The scholastic theory of phantasms is considerably elaborated with respect to dreams because of the related moral problems (Summa theologiae 2a2ae, 154.5), and even more so because of the paranormal states involved in visions and prophecies (Summa theologiae 2a2ae, 173.2, 3). A dream is essentially a product of phantasms appearing during sleep, while the senses are inhibited, so that the phantasms occupy almost exclusively what is left of the sleeper's consciousness. The causes of the production of these phantasms include everything that can act upon the imagination during sleep. St. Thomas draws up a systematic list (Summa theologiae 2a2ae, 95.6): first, internal causes, including those of a psychic nature (previous evening's preoccupation persisting during sleep), and those of a corporal nature (sleeper's organic dispositionwhence Aquinas notes the usefulness of the study of dreams by doctors); and then external causes, including those of a physical nature (ambient temperature), and those of a spiritual nature (God, through the ministry of angels, or even the devil). As the central sense frees itself of hypnogenetic inhibitions, the subject begins to make a distinction between phantasms and the reality affecting the senses, although this distinction remains imperfect so long as the central sense is not completely awakened (Summa theologiae 1a, 84.8 ad 2).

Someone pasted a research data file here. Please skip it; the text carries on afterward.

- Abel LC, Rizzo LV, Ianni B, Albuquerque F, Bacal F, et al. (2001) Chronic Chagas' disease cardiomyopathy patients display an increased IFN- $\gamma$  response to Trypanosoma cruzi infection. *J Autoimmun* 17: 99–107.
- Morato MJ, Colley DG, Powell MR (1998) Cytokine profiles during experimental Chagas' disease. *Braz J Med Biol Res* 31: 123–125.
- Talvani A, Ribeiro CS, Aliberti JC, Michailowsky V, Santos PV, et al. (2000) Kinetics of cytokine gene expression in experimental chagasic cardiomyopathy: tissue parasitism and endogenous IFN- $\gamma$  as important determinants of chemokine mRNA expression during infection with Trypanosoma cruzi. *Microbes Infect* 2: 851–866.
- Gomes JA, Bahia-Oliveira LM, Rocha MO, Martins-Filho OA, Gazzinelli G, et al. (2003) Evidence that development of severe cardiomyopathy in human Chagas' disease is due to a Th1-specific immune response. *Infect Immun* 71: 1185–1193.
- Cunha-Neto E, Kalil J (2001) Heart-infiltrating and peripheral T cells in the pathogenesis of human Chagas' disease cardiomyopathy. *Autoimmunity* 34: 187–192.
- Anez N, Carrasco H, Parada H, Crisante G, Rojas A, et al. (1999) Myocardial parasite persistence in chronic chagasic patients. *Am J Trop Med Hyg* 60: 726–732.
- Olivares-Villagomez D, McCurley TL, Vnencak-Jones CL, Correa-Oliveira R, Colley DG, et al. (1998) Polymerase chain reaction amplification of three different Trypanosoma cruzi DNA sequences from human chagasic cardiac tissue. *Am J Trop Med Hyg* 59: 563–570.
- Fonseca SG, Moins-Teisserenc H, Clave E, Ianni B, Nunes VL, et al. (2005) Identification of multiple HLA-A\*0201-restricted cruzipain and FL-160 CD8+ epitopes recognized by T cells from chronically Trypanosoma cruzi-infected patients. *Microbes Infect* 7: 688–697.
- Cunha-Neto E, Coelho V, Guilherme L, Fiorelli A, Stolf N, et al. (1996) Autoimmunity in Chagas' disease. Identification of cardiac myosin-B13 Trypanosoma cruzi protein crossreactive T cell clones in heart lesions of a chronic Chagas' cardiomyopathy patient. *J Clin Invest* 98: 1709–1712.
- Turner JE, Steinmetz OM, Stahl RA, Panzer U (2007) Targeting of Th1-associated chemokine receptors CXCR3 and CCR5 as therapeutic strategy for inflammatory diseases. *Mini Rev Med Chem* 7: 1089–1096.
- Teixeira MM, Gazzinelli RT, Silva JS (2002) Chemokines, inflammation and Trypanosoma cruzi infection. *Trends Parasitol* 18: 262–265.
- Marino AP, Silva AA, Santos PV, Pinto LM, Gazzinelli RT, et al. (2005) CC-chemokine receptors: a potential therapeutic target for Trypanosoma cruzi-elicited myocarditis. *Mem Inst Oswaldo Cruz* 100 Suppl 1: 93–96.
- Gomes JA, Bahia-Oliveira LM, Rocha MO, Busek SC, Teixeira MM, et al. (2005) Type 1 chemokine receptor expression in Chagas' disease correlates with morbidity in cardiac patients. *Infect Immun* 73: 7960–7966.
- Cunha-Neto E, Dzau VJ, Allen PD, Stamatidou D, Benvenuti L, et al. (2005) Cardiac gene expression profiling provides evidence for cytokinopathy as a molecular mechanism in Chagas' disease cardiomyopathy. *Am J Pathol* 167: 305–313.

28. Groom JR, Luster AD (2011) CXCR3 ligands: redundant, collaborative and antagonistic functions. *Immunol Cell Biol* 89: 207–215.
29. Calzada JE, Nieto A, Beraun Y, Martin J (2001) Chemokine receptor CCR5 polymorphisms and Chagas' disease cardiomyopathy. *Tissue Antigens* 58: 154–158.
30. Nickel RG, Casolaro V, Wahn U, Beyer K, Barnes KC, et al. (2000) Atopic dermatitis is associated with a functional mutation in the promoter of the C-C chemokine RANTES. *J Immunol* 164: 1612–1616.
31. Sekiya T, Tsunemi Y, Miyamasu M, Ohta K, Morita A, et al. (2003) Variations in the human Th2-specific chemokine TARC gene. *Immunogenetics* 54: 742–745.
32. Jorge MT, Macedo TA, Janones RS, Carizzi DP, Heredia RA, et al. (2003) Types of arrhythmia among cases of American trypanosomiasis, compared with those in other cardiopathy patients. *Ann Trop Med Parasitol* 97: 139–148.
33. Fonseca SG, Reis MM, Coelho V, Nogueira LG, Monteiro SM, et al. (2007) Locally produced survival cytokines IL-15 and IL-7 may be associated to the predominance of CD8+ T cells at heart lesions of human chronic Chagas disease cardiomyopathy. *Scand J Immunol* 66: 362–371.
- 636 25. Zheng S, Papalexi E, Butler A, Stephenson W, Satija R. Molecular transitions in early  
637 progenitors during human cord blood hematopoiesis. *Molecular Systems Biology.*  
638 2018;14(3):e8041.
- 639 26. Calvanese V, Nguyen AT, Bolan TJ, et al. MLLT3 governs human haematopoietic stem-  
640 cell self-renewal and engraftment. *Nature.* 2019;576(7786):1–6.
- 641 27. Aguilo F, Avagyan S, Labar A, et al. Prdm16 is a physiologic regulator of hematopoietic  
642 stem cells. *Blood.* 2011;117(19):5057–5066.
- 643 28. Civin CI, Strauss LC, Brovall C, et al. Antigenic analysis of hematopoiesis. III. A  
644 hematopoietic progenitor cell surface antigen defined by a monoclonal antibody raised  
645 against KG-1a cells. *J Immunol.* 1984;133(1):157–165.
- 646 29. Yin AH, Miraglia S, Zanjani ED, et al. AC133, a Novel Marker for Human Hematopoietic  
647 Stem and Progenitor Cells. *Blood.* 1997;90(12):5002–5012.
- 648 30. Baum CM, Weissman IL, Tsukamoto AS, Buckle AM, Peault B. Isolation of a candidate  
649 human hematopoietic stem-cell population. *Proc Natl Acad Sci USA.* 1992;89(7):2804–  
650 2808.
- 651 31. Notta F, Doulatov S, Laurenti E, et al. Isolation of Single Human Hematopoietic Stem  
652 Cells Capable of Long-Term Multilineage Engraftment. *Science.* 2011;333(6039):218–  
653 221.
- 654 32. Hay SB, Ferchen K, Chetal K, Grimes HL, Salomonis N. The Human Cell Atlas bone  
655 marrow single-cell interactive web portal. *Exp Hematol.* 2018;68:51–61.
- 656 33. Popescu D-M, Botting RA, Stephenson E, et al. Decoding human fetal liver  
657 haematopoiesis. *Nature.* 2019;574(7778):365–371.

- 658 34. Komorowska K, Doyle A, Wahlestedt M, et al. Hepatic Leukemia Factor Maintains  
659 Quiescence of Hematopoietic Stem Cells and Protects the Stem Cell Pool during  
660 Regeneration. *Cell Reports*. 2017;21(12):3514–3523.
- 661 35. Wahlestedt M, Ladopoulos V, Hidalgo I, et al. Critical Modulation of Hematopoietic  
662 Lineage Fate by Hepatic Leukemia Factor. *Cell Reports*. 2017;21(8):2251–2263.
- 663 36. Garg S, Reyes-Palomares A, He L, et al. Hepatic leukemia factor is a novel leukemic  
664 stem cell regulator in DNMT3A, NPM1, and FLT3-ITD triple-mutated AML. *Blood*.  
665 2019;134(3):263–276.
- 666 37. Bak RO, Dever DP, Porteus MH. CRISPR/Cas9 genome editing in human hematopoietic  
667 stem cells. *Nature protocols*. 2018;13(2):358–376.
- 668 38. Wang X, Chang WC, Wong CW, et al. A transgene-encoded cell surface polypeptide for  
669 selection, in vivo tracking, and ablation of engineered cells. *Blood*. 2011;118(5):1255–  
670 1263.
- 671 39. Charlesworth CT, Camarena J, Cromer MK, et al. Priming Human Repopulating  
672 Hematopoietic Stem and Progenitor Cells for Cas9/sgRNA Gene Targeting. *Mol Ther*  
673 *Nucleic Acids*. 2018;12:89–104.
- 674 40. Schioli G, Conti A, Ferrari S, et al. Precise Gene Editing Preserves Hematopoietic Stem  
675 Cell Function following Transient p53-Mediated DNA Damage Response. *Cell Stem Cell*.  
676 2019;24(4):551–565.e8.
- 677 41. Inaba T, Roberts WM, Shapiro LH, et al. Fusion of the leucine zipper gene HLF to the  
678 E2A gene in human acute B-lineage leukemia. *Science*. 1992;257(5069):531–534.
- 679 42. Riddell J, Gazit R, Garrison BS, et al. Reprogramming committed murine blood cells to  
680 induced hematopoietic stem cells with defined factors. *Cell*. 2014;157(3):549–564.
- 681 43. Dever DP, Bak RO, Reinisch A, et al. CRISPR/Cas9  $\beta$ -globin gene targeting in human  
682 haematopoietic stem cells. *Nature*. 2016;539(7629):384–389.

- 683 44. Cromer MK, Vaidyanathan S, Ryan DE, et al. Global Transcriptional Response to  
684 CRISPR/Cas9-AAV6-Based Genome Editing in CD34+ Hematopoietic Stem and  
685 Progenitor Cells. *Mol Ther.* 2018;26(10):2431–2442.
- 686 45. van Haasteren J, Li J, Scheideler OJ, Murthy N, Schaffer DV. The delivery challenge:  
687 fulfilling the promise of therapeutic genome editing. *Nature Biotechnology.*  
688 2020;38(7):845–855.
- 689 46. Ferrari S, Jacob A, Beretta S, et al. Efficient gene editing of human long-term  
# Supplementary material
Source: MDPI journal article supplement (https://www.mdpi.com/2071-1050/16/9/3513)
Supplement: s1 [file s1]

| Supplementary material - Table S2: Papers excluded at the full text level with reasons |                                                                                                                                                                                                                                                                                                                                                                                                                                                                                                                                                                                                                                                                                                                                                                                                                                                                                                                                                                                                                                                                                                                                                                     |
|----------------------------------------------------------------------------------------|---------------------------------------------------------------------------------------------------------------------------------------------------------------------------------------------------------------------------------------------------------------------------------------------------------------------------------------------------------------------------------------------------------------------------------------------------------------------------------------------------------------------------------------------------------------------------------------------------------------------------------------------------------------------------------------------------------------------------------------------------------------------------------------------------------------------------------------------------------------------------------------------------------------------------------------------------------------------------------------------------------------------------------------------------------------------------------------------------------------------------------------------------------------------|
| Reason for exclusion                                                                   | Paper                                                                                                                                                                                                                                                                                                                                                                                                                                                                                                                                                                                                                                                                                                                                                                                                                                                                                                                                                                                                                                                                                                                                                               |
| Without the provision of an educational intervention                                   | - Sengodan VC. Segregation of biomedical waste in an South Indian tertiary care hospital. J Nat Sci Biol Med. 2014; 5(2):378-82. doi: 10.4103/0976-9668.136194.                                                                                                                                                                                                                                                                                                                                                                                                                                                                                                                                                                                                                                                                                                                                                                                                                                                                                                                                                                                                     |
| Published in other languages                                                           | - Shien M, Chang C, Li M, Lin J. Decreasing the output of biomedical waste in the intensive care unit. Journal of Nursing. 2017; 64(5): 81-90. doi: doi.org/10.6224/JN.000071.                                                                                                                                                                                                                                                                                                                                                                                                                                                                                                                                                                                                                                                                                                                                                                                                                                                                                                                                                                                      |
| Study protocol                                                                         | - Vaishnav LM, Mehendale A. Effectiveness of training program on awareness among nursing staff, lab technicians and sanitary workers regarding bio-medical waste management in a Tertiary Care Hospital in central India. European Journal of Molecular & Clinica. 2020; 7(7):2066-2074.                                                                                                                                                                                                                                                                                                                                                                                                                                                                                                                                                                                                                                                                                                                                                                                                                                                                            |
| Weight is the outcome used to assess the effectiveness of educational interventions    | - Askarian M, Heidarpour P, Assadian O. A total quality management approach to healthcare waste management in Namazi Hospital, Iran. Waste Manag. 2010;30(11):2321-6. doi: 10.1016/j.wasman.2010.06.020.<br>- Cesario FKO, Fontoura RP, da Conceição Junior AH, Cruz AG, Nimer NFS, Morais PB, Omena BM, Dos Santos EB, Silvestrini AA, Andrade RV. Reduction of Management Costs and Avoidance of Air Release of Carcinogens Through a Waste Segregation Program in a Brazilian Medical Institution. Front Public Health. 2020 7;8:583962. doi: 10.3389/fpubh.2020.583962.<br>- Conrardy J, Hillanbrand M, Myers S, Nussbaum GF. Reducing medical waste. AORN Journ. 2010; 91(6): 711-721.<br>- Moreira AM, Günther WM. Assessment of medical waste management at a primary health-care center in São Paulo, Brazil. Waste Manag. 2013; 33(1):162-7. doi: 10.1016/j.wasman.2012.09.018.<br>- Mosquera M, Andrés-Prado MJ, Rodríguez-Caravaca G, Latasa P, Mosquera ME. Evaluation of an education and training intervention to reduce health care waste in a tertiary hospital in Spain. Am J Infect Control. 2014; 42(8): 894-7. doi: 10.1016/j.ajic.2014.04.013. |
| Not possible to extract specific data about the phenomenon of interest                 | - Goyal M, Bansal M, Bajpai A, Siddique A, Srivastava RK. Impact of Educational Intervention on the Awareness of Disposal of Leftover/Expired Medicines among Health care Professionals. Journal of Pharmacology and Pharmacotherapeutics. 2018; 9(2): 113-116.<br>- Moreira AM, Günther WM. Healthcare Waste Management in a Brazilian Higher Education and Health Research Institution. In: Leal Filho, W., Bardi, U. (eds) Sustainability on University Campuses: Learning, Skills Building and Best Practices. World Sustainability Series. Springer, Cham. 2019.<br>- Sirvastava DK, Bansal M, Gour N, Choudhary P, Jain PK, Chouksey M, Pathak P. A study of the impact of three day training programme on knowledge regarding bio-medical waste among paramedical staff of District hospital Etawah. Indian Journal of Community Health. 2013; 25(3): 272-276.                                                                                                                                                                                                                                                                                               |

See Also: species, intentional; knowledge, process of.

Bibliography: f. gaetani and m. l. falorni, Enciclopedia filosofica 2:264268. r. eisler, Wörterbuch der philosophischen Begriffe, 3 v. (4th ed. Berlin 192730) 2:434, 424433. r. e. brennan, Thomistic Psychology (New York 1952). f. a. walsh, "Phantasm and Phantasy," New Scholasticism 9 (1935) 116133. t. m. bartolomei, "Le immagini," Divus Thomas (Piacenza) 58 (1955) 124142.

[a. m. perreault]

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Phantasm

Phantasm ★★½ The Never Dead 1979 (R)

A small-budgeted, hallucinatory horror fantasy about two parentless brothers who discover weird goings-on at the local funeral parlor, including the infamous airborne, brain-chewing chrome ball. Creepy, unpredictable nightmare fashioned on a shoestring by young independent producer Coscarelli. Scenes were cut out of the original film to avoid “X” rating. Followed by “Phantasm II.” 90m/C VHS, DVD . Michael Baldwin, Bill Thornbury, Reggie Bannister, Kathy Lester, Terrie Kalbus, Kenneth V. Jones, Susan Harper, Lynn Eastman, David Arntzen, Angus Scrimm, Bill Cone; D: Don A. Coscarelli; W: Don A. Coscarelli; C: Don A. Coscarelli; M: Fredric Myrow, Malcolm Seagrave.